2.1. Exception handling

Writing the exception table

The easiest way to populate the vector table is to use a scatter file to place a C array of function pointers at memory address 0x0. The C array can be used to configure the initial stack pointer, image entry point and the addresses of the exception handlers.

Example 1. Example C structure for exception handlers

/* Filename: exceptions.c */
typedef void(* const ExecFuncPtr)(void) __irq;

/* Place table in separate section */
#pragma arm section rodata="exceptions_area"

ExecFuncPtr exception_table[] = {
	(ExecFuncPtr)&Image$$ARM_LIB_STACKHEAP$$ZI$$Limit,
	(ExecFuncPtr)__main, /* Initial PC, set to entry point */
	NMIException,
	HardFaultException,
	MemManageException,
	BusFaultException,
	UsageFaultException,
	0, 0, 0, 0, /* Reserved */
	SVCHandler,
	DebugMonitor,
	0, /* Reserved */
	PendSVC,SysTickHandler,

	/* Configurable interrupts start here...*/
	InterruptHandler0,
	InterruptHandler1,
	InterruptHandler2

	/*
	…
	*/
};

#pragma arm section

Note

Note that the first two items in this structure are the initial stack pointer and the image entry point. The initial stack pointer is generated using a linker defined symbol. See Stack and heap configuration for details. Example 1 uses the C library entry point (__main) as the entry point for the image.

The exception table has also been placed in its own section. This has been done using #pragma arm section rodata="exceptions_area". This directive instructs the compiler to place all the RO (read-only) data between #pragma arm section rodata="exceptions_area"and #pragma arm sectioninto its own section called exceptions_area. This section can then be referred to in the scatter file. The exception table is then placed at the correct location in the memory map, at address 0x0.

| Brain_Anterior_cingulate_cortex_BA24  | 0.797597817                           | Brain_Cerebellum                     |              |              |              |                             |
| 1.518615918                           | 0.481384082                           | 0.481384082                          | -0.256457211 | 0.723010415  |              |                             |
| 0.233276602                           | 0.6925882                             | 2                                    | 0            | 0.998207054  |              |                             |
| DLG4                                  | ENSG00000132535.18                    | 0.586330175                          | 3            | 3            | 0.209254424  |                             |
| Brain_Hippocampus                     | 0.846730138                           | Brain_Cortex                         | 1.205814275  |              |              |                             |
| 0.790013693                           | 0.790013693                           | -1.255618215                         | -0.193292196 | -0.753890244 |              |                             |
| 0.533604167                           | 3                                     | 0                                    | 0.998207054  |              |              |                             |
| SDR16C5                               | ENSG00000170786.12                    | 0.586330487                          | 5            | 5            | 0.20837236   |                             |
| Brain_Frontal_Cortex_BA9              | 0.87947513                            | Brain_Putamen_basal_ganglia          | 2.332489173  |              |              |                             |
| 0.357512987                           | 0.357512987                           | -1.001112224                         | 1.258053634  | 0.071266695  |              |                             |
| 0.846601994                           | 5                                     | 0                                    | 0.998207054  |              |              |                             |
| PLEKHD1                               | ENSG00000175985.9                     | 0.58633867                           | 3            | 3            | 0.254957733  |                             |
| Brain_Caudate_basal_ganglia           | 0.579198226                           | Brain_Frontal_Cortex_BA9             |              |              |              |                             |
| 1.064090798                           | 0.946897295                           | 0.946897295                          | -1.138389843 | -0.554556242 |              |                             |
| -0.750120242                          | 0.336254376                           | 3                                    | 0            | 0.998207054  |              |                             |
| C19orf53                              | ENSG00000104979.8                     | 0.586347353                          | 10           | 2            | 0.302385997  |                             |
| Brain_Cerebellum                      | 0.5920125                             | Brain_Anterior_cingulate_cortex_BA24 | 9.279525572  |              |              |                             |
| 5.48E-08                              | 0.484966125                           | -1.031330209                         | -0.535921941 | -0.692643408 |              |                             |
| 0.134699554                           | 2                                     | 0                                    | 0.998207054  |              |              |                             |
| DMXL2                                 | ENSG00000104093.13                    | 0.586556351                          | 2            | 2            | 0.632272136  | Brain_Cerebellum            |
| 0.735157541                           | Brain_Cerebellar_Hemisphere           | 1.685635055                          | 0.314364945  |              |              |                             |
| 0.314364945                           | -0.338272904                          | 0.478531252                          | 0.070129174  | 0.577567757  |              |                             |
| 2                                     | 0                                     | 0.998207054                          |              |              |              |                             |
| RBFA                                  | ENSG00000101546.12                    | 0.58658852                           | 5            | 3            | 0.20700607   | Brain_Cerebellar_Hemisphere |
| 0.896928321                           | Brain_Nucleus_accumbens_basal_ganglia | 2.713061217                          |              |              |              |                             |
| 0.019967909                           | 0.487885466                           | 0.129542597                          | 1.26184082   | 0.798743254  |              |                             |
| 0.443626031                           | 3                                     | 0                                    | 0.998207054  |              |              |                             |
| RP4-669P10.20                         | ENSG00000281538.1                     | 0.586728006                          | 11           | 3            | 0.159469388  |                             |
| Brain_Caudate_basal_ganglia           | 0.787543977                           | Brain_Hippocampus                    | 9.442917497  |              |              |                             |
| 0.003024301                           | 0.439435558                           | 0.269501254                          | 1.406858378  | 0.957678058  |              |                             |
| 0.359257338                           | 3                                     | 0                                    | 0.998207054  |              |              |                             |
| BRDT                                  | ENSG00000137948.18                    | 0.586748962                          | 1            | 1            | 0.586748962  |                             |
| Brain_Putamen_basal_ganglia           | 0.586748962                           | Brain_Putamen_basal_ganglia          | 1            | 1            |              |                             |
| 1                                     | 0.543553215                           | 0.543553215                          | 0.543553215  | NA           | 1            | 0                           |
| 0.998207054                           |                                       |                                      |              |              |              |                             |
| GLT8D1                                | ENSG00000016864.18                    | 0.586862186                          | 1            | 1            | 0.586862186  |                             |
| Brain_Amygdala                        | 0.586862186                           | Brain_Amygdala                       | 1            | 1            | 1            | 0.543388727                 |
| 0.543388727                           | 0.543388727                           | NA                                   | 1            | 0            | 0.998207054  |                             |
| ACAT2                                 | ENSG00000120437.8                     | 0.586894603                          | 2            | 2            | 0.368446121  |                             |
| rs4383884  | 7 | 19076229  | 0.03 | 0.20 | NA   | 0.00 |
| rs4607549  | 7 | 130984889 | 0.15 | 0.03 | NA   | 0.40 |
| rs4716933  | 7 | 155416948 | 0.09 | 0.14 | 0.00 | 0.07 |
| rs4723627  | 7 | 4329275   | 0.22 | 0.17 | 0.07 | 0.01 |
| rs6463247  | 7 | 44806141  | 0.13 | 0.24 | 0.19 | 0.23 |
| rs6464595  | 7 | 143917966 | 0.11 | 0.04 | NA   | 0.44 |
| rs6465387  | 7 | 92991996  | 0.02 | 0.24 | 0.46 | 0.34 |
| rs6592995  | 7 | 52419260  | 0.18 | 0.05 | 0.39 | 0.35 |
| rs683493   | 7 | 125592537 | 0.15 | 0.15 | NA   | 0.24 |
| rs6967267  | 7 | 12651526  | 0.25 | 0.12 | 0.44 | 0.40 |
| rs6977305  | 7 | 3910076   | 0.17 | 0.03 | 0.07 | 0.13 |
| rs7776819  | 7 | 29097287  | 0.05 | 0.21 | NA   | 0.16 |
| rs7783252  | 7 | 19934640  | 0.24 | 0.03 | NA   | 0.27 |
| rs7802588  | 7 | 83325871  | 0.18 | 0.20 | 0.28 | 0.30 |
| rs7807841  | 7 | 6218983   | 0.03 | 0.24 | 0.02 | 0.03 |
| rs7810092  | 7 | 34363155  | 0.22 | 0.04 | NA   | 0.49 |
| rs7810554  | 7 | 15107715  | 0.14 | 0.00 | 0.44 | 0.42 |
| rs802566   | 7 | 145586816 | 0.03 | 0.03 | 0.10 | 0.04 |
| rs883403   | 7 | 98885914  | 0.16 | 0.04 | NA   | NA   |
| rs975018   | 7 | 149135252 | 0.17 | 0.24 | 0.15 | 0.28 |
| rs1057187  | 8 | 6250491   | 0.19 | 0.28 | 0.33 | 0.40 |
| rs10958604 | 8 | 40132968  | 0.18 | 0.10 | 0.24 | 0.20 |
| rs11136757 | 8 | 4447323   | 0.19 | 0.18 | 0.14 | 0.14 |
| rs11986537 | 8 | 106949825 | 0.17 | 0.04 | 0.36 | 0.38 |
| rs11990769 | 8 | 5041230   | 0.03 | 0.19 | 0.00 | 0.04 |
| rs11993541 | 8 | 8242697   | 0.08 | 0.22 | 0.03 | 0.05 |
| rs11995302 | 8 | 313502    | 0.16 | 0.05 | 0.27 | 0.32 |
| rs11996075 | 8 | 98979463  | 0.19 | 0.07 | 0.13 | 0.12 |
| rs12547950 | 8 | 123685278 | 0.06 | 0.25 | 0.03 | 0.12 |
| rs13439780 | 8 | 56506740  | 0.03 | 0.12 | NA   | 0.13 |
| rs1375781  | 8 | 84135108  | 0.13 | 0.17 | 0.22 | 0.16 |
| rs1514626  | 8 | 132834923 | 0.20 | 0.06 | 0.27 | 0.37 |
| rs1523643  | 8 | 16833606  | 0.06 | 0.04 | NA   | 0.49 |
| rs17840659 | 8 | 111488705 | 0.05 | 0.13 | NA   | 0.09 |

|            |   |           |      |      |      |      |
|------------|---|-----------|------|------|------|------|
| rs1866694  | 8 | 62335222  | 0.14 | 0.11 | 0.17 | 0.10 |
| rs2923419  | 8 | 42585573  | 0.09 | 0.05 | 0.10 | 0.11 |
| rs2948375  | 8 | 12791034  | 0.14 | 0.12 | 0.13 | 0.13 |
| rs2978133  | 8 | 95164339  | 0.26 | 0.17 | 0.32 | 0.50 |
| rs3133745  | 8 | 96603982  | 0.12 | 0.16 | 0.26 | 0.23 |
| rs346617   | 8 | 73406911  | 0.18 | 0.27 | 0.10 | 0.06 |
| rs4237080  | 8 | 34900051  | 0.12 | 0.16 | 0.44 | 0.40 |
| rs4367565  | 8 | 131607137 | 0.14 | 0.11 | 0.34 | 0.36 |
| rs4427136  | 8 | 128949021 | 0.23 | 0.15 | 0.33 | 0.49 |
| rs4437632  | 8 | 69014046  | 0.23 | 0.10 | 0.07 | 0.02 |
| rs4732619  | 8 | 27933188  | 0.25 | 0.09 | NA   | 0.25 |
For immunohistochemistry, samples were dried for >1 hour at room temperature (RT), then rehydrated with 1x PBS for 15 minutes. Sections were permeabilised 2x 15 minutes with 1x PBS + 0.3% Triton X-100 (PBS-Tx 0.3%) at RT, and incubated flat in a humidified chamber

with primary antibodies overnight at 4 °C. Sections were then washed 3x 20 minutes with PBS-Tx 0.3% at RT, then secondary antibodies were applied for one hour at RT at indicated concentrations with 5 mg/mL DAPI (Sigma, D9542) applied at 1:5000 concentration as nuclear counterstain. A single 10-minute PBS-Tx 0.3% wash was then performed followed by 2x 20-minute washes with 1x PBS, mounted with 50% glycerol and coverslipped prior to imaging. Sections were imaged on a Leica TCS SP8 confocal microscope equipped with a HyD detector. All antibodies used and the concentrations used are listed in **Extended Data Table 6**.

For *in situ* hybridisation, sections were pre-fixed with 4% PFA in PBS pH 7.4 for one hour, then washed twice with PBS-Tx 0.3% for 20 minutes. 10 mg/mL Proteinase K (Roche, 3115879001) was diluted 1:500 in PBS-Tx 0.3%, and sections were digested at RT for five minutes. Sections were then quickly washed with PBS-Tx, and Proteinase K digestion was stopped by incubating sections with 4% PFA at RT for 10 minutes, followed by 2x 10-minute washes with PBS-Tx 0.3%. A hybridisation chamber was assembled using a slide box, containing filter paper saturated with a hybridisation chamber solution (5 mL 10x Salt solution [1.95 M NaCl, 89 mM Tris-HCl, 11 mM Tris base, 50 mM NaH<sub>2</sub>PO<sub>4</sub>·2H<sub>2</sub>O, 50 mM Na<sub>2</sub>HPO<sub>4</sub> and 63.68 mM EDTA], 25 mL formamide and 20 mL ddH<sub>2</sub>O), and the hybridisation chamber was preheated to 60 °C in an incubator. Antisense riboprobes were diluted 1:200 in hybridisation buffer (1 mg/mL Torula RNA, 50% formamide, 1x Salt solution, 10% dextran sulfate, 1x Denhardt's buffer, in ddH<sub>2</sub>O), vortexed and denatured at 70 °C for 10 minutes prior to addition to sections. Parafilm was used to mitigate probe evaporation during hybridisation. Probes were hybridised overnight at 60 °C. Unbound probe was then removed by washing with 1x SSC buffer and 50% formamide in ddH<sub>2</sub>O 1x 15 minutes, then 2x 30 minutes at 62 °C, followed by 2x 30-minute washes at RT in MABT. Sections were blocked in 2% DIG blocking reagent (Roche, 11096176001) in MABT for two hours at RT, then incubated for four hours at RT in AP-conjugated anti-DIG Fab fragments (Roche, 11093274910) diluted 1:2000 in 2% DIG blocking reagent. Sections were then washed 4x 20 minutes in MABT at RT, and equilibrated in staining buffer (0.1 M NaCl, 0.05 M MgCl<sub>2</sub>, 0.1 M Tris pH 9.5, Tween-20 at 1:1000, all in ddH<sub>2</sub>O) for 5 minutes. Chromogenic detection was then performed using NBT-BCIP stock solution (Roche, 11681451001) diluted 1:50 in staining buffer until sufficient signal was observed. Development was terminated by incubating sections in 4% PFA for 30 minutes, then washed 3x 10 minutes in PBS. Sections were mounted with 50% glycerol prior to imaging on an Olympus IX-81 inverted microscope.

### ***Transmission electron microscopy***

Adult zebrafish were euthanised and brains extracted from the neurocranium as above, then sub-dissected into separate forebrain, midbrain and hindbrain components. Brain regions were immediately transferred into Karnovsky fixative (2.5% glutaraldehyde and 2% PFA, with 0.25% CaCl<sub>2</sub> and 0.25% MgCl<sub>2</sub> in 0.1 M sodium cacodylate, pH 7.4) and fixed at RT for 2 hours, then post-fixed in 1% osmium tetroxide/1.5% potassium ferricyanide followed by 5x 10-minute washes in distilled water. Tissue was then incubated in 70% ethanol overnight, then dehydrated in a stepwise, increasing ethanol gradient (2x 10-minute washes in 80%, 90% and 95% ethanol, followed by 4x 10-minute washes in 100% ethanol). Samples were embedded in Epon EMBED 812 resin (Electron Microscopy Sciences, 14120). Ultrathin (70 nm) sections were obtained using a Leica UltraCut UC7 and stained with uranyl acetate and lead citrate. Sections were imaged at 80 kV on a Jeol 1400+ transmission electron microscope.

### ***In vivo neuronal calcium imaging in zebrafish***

Writing the exception handlers

The core saves the system state when an exception occurs and restores it on return. The exception handlers do not therefore need to save or restore the system state and can be written as an ordinary ABI-compliant C function. However, we recommend that you use the __irq qualifier to aid clarity of code. The keyword is also used by the compiler to maintain eight-byte alignment of the stack where necessary. See Eight byte stack alignment for further details.

Example 2. Simple C exception handler

__irq void SysTickHandler(void)
{	printf("----- SysTick Interrupt -----");}

Note

Clearing of an interrupt source must be handled by the ISR.

On the Cortex-M3, exception prioritization, nesting of exceptions, and saving of corruptible registers is handled entirely by the core to permit efficient handling. This means that interrupts remain enabled by the core on entry to every exception handler.

Placing the exception table

Because the exception table has been placed in its own section in the object it can be easily placed at 0x0 using a scatter file as shown in Example 3.

Example 3.  Placing exception table in scatterfile

LOAD_REGION 0x00000000 0x00200000
{	;; Maximum of 256 exceptions (256*4 bytes == 0x400)
	VECTORS 0x0 0x400	{		exceptions.o (exceptions_area, +FIRST)	}}

Note

+FIRST is used to ensure that exceptions_area is placed at the very beginning of the region. It also prevents the vector table from being removed by the unused section elimination mechanism of the linker.